ALLERGY, RESPIRATORY
New Spray Could Benefit Cystic Fibrosis Patients
Air Quality Better in Northeast, Midwest
Asthmatics Who Quit Smoking May Reverse Lung Damage
ALTERNATIVE MEDICINE
Alternative Treatments May Boost IVF Success
Licorice May Block Absorption of Organ Transplant Drug
Soybean Chemicals May Reduce Effects of Menopause
ANIMAL CARE
Separation Anxiety, Canine-Style
Safe Toys for Dogs
Rest Easy. When It Comes to Swine Flu, Your Pet Is Safe
BONES & JOINTS
Arthritis Hits More Than Half of Diabetics
Autumn Sees More Women With Bunion Problems
Bone Loss Stable on Restricted Calorie Diet
CANCER
Yoga Eases Sleep Problems Among Cancer Survivors
Green Tea May Help Prevent Oral Cancer
Vitamin E, Selenium and Soy Won't Prevent Prostate Cancer
CAREGIVING
Babies Born in High Pollen Months at Wheezing Risk
Older Caregivers Prone to Worse Sleep Patterns
Acute Respiratory Distress Syndrome as Deadly as Ever
CIRCULATORY SYSTEM
Obesity Linked to Heart Failure Risk
Salt Boosts Blood Pressure in High-Risk Patients
Secondhand Smoke Quickly Affects Blood Vessels
COSMETIC
Get Sugared!.... Its a sweet choice for hair removal
With Psoriasis, the Internet May Offer Hope
Wrinkle Fillers Need Better Label Warnings: FDA Panel
DENTAL, ORAL
Gum Disease May Reactivate AIDS Virus
Dental Implants Need More Work Than Root Canals
Laser Technology Spots Cavities Before They Start
DIABETES
Findings Challenge Tight Glucose Control for Critically Ill Patients
Doctors Urged to Screen Diabetics for Sleep Apnea
Strict Blood Sugar Lowering Won't Ease Diabetes Heart Risk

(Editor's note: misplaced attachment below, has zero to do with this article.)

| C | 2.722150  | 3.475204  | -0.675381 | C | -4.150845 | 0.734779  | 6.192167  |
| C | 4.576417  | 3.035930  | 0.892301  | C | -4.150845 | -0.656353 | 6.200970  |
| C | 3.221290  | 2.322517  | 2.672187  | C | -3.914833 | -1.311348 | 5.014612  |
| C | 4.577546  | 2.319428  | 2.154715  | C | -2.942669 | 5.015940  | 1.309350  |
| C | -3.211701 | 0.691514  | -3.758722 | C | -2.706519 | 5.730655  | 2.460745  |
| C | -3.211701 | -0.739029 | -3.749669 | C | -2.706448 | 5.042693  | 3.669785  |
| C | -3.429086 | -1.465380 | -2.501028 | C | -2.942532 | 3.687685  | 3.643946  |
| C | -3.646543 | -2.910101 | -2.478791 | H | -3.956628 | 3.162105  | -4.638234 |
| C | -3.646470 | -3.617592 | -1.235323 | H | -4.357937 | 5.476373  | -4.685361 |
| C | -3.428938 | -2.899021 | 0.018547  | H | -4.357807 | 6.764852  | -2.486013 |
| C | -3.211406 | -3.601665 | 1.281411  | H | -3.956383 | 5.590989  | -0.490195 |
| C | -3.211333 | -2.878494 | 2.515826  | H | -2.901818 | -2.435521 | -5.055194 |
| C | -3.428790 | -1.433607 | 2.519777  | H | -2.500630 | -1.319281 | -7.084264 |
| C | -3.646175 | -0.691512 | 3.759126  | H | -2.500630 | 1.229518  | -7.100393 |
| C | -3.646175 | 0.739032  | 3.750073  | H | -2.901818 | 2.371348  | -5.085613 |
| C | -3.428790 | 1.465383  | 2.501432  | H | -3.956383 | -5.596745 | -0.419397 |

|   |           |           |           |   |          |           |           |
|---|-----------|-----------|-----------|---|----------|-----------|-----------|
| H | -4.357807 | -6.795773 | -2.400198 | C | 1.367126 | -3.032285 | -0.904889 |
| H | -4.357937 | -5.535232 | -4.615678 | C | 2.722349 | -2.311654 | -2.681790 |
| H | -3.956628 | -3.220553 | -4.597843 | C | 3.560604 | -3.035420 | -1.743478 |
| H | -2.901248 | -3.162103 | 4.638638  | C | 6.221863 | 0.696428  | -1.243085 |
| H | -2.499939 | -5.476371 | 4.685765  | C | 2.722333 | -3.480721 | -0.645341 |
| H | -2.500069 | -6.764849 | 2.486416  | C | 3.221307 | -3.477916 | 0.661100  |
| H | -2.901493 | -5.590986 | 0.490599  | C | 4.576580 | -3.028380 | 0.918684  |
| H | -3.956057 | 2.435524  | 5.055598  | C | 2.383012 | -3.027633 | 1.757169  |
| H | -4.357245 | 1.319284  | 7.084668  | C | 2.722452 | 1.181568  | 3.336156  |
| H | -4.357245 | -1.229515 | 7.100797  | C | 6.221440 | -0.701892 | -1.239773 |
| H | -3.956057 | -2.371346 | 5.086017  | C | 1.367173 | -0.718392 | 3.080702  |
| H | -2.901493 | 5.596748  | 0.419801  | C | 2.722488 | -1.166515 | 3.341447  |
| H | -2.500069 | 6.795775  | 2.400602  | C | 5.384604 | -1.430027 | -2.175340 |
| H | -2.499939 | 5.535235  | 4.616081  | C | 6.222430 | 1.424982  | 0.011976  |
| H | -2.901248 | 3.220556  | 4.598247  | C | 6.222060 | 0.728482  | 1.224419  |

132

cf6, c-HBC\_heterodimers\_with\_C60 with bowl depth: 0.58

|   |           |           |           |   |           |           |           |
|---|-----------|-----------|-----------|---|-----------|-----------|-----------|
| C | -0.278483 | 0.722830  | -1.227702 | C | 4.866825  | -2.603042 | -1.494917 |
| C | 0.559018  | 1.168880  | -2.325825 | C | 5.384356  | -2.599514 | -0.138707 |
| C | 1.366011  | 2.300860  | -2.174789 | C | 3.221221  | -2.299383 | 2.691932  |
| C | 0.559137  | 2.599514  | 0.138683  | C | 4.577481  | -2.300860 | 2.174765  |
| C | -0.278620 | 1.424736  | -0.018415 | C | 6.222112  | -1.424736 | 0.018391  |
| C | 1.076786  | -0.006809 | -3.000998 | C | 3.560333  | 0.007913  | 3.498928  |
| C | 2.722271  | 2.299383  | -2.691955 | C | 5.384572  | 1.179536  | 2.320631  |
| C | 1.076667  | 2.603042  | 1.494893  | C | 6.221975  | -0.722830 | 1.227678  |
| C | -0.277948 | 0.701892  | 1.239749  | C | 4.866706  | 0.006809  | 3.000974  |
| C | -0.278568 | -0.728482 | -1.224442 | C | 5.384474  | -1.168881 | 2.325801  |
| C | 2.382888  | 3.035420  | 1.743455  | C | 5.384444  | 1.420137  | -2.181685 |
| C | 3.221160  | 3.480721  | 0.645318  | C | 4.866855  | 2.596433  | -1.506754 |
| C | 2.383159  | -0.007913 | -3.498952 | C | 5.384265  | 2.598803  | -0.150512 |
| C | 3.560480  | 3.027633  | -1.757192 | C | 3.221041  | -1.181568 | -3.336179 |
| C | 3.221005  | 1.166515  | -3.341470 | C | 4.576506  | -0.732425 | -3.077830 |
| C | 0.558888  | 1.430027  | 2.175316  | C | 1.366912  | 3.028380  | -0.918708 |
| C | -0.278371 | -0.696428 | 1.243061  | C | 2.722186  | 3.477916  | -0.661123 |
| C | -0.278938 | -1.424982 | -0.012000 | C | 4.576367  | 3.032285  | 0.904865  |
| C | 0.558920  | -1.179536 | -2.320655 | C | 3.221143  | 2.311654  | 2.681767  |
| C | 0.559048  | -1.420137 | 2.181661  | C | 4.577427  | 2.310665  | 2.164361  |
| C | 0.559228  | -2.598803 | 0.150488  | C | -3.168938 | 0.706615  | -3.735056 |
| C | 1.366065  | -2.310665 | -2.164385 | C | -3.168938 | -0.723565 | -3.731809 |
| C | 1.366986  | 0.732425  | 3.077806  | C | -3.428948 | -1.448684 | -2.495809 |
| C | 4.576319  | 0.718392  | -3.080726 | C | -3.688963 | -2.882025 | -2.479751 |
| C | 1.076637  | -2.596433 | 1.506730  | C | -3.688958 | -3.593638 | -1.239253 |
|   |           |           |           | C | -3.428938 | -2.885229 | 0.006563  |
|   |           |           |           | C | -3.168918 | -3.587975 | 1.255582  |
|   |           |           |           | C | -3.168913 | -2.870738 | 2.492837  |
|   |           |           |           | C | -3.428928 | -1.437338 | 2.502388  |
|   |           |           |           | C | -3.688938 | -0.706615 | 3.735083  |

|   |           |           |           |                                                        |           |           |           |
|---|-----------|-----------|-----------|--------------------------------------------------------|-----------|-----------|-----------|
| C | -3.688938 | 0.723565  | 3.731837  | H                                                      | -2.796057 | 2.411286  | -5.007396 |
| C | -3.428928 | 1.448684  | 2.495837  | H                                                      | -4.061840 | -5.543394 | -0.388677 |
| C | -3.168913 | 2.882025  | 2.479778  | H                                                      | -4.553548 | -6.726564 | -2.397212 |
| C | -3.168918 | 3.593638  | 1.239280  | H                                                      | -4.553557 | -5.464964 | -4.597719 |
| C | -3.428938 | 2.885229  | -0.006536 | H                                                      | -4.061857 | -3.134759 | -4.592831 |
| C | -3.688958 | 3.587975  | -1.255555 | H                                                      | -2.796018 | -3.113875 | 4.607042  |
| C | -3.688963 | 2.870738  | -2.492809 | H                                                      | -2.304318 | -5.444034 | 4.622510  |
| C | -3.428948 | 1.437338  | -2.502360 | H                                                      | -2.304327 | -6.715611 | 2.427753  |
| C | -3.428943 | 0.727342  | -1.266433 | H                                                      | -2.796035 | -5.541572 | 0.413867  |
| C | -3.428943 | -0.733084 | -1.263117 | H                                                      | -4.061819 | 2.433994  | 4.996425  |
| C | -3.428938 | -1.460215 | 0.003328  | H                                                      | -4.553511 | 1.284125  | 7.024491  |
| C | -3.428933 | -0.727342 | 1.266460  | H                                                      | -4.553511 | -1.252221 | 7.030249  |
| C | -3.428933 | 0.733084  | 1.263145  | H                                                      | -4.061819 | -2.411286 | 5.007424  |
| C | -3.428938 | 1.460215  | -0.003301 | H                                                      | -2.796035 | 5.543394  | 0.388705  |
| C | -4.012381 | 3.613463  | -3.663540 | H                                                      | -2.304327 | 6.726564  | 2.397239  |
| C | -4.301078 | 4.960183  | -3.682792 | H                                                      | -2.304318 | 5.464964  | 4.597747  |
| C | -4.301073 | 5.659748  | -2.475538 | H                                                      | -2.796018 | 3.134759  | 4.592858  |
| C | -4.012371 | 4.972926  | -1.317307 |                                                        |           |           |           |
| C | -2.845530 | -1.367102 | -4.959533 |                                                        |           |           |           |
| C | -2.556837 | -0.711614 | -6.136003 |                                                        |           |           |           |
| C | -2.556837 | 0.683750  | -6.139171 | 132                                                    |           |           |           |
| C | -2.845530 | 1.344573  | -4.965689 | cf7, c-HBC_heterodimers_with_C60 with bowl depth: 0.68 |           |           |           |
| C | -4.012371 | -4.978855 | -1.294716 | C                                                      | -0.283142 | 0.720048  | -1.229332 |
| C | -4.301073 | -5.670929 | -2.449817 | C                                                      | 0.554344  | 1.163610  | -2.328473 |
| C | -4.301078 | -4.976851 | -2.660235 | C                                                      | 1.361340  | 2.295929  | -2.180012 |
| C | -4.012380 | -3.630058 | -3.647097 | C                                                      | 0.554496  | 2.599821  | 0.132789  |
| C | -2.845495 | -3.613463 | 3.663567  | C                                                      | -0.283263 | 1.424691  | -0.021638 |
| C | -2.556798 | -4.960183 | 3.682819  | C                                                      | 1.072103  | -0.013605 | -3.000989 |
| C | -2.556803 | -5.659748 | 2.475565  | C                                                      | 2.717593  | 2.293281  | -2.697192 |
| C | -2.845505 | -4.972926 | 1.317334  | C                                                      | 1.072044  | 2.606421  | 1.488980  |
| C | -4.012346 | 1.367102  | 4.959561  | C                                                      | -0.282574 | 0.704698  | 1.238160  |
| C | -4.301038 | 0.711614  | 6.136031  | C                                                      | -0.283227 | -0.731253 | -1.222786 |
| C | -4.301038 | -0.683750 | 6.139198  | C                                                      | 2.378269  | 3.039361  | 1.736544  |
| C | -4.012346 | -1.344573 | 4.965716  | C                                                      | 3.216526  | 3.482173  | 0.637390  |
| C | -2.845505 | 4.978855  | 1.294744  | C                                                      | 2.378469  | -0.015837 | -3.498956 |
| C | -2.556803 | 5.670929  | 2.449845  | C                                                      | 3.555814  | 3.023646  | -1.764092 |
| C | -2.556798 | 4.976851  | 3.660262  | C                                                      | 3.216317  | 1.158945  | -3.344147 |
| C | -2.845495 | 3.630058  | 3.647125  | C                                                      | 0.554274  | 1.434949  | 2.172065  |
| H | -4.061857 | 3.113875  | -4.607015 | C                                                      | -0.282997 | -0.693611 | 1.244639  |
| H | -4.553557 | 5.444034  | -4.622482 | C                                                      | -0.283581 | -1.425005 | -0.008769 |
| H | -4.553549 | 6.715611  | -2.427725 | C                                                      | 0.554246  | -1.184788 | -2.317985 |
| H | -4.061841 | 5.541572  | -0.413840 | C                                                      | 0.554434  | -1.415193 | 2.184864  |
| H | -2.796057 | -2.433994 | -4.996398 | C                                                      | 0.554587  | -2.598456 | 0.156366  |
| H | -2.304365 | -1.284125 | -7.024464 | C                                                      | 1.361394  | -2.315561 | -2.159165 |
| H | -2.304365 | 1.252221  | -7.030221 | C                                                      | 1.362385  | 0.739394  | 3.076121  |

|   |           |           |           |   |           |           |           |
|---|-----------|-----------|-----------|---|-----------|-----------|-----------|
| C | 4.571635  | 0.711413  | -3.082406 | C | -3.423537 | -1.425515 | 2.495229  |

DIET, NUTRITION
Many Cancer Survivors Don't Adopt Healthy Lifestyle
Mediterranean Diet Plus Exercise Lowers Alzheimer's Risk
More Whole Grains May Mean Less Fat
DISABILITIES
Could Your Cell Phone Help Shield You From Alzheimer's?
Review Finds Marijuana May Help MS Patients
ENVIRONMENTAL HEALTH
Is It Safe to Go in the Gulf Coast's Water?
Seasons Arriving 2 Days Earlier, Study Says
Accumulated Lead May Affect Older Women's Brains
EYE CARE, VISION
Hybrid Cars Pose Risk to Blind, Visually Impaired
Certain Diabetes Drugs May Pose Eye Risk
Clues Found to Brain Mechanism Behind Migraines
FITNESS
Women Who Run May Benefit From Extra Folic Acid
Simple Steps Get Walkers Moving
School Phys. Ed. Injuries Up 150 Percent
GASTROINTESTINAL PROBLEMS
Japanese Herbals May Ease Gastro Woes
Gum Chewing May Speed Colon Surgery Recovery
Traditional Nonsurgical GERD Treatments Not Impressive
GENERAL HEALTH
For Women, Moderate Midlife Drinking Linked to Healthier Old Age
'Cell Phone Elbow' -- A New Ill for the Wired Age
When Clocks Change, Body May Need Time to Adjust
HEAD & NECK
Ski Helmets Encouraged for All
Many Children Will Outgrow Headaches
Zen May Thicken Brain, Thwart Pain